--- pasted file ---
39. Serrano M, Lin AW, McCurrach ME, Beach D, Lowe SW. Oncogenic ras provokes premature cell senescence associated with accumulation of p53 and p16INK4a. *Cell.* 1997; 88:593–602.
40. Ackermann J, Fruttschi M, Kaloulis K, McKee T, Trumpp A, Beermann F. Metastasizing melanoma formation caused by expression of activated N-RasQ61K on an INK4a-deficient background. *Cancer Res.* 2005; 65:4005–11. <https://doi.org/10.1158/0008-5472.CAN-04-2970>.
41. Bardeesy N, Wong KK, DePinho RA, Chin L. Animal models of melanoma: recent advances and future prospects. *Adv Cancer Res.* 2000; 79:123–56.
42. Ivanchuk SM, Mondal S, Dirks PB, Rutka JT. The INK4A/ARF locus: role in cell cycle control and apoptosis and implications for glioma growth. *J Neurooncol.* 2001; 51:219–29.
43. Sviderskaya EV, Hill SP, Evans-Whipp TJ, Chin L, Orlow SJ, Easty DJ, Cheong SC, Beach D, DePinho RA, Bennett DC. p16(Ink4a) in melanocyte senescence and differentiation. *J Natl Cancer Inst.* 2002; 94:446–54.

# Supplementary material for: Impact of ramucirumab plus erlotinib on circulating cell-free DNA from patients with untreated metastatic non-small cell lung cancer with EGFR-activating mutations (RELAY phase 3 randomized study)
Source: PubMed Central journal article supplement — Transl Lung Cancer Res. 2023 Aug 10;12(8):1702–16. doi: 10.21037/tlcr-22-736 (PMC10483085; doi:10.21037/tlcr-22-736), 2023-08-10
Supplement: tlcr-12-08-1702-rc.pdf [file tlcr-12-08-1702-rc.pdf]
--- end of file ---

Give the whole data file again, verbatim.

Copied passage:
39. Serrano M, Lin AW, McCurrach ME, Beach D, Lowe SW. Oncogenic ras provokes premature cell senescence associated with accumulation of p53 and p16INK4a. *Cell.* 1997; 88:593–602.
40. Ackermann J, Fruttschi M, Kaloulis K, McKee T, Trumpp A, Beermann F. Metastasizing melanoma formation caused by expression of activated N-RasQ61K on an INK4a-deficient background. *Cancer Res.* 2005; 65:4005–11. <https://doi.org/10.1158/0008-5472.CAN-04-2970>.
41. Bardeesy N, Wong KK, DePinho RA, Chin L. Animal models of melanoma: recent advances and future prospects. *Adv Cancer Res.* 2000; 79:123–56.
42. Ivanchuk SM, Mondal S, Dirks PB, Rutka JT. The INK4A/ARF locus: role in cell cycle control and apoptosis and implications for glioma growth. *J Neurooncol.* 2001; 51:219–29.
43. Sviderskaya EV, Hill SP, Evans-Whipp TJ, Chin L, Orlow SJ, Easty DJ, Cheong SC, Beach D, DePinho RA, Bennett DC. p16(Ink4a) in melanocyte senescence and differentiation. *J Natl Cancer Inst.* 2002; 94:446–54.

# Supplementary material for: Impact of ramucirumab plus erlotinib on circulating cell-free DNA from patients with untreated metastatic non-small cell lung cancer with EGFR-activating mutations (RELAY phase 3 randomized study)
Source: PubMed Central journal article supplement — Transl Lung Cancer Res. 2023 Aug 10;12(8):1702–16. doi: 10.21037/tlcr-22-736 (PMC10483085; doi:10.21037/tlcr-22-736), 2023-08-10
Supplement: tlcr-12-08-1702-rc.pdf [file tlcr-12-08-1702-rc.pdf]